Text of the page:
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In one case it is used 'of' in other 'with' prepositions. Is there any grammar with other adverbs or adjectives in that regard? In 1 (with it) and 3 (with nothing) we have the same constructions but different prepositions. Why?

  1. It was very wrong of you.

  2. I think there's something wrong with you.

  3. Nothing was wrong with you.

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Sam's right that your first example has an implicit condition:

It was very wrong of you to do that.

but he didn't explain what the "of" does in the sentence. It isn't "you" that's wrong. It's the action "you" took that was wrong. That's why adding the implicit part of the sentence (the part in bold) is useful. It shows what "wrong" is modifying.

"Of you" is an adjective clause that identifies who took the action. "Of" is possessive in nature in that it often means "a part of something" or "belonging to." Therefore, the action (that was wrong) belongs to "you."

It is incorrect to suggest that "wrong with" is a special case. If we use your first example, we could have said,

There is something wrong with that.

"Wrong" is an adjective modifying "that." It describes a condition of "that." There is no action taking place. However, there's at least two ways to use adjectives. One is directly, to identify a fact about the subject.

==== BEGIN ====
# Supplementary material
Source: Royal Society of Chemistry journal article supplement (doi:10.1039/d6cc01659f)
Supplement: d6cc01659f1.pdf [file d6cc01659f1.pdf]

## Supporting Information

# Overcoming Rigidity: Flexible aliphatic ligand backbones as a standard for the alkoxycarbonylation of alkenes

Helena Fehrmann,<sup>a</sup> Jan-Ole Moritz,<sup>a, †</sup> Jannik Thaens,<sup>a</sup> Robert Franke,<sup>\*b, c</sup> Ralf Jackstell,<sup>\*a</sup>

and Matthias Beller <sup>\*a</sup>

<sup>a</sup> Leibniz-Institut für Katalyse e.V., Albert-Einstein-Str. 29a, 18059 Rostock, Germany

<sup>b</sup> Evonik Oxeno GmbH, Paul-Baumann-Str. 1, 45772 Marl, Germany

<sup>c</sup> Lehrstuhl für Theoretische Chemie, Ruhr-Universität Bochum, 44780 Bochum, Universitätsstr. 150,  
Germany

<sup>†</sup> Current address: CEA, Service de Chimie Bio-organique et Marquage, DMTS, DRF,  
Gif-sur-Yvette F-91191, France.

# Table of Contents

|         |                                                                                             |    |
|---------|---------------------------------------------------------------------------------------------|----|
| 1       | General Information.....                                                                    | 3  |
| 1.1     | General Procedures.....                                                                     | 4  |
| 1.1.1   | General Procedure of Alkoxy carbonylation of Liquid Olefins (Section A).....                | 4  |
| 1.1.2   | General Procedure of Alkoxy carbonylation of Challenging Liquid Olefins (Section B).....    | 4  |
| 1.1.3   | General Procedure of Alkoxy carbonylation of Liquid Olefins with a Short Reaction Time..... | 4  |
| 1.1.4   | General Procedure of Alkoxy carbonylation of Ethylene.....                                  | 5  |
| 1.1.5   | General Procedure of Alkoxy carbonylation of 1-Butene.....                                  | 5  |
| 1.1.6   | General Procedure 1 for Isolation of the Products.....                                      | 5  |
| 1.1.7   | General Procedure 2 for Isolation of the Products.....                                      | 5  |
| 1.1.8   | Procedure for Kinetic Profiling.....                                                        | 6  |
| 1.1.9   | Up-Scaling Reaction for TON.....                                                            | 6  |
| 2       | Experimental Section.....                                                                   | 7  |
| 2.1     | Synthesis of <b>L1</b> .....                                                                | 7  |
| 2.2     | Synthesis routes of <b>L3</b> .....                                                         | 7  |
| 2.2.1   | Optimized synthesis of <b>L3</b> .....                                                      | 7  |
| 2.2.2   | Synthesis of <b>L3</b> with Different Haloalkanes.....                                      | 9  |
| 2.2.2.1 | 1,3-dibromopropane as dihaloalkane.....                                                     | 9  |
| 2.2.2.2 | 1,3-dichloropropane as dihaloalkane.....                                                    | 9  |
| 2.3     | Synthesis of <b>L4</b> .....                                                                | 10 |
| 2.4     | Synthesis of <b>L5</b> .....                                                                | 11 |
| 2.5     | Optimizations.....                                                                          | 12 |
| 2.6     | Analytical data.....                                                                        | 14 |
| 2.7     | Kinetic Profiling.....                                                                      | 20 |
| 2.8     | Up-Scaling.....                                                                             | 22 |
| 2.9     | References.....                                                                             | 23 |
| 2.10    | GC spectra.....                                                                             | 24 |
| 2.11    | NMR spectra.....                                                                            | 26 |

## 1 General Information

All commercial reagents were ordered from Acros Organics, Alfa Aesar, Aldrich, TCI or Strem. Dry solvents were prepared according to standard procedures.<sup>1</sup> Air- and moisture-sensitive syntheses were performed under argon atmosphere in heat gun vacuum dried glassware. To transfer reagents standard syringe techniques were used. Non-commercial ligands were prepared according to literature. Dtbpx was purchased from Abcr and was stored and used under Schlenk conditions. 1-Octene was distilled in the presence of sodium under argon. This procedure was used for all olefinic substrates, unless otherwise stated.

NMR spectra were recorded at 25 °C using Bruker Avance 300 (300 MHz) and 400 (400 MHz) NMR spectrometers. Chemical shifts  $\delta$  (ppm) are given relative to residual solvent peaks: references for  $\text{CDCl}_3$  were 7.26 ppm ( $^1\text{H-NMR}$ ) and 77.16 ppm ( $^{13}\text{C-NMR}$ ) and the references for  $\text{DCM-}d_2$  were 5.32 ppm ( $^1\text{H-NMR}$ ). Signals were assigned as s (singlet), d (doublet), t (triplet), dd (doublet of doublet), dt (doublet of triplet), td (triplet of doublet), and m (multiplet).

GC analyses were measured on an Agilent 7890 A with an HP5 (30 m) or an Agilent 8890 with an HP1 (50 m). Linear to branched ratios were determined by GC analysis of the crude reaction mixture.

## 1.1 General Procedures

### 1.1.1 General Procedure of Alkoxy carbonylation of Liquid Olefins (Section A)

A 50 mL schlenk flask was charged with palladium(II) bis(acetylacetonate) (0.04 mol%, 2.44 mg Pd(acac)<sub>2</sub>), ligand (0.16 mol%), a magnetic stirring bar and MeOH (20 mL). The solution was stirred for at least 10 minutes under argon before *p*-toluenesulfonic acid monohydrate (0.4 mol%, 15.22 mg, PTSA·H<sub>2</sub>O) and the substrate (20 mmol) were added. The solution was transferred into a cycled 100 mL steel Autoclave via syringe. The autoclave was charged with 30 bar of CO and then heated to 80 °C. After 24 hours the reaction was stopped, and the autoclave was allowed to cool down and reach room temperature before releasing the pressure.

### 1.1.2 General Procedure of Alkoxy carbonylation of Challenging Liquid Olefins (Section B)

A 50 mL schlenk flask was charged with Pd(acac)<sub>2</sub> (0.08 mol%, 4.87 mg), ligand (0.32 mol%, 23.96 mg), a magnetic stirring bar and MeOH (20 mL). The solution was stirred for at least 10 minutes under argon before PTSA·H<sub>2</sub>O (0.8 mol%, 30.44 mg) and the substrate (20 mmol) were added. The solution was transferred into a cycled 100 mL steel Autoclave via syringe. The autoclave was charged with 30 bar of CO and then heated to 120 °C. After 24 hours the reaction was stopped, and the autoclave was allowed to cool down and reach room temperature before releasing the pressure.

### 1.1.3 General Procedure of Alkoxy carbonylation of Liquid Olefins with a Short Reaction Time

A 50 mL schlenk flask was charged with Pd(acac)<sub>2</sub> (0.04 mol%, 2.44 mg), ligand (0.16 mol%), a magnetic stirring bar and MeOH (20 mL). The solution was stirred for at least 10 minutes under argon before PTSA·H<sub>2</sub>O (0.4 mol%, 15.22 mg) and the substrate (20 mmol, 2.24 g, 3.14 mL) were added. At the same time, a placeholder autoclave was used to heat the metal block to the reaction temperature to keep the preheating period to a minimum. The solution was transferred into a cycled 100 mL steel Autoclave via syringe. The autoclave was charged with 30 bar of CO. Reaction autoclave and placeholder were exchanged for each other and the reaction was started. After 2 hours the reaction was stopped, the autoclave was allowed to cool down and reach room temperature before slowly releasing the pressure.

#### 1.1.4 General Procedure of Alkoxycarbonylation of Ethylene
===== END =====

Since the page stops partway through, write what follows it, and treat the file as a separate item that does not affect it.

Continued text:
That is the wrong person.

This means the person is unsuitable for some unidentified purpose. The person (subject of the sentence) is fine (or right, or OK). There's nothing known to be wrong about the person, only that the person isn't right for some purpose.

For example, if an acting company needed an actress with red hair, but a blonde-haired woman was introduced instead, there's nothing wrong with the blonde woman, but she's the wrong person for the role.

There is something wrong with you.

This means there is something wrong with the person. Suitability for any purpose is not relevant. The person may be sick or confused or be in some other state not considered "normal," "healthy," or "right" for humanity.

To use our previous example, if the red-haired woman dyed her hair blonde before visiting the acting company, they would say there's something wrong with her. Her previous condition (before dying her hair) was what they wanted, but she changed herself, making herself wrong for the purpose. The purpose of the acting company justifies their decision, but it was something wrong with the person that was the issue.

To simplify:

  • "Wrong subject" means subject is inappropriate for a purpose.

  • "Wrong with subject" means the condition of subject is abnormal or unexpected.

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In your first case, that is effectively an abbreviated sentence. Perhaps the grammar is a little clearer with the full phrase:

It was very wrong of you to do that.

Something being wrong with someone is a special case, essentially a set phrase, meaning there is something out of place or defective, something not as it should be. I wouldn't put a lot of effort into analysing it.

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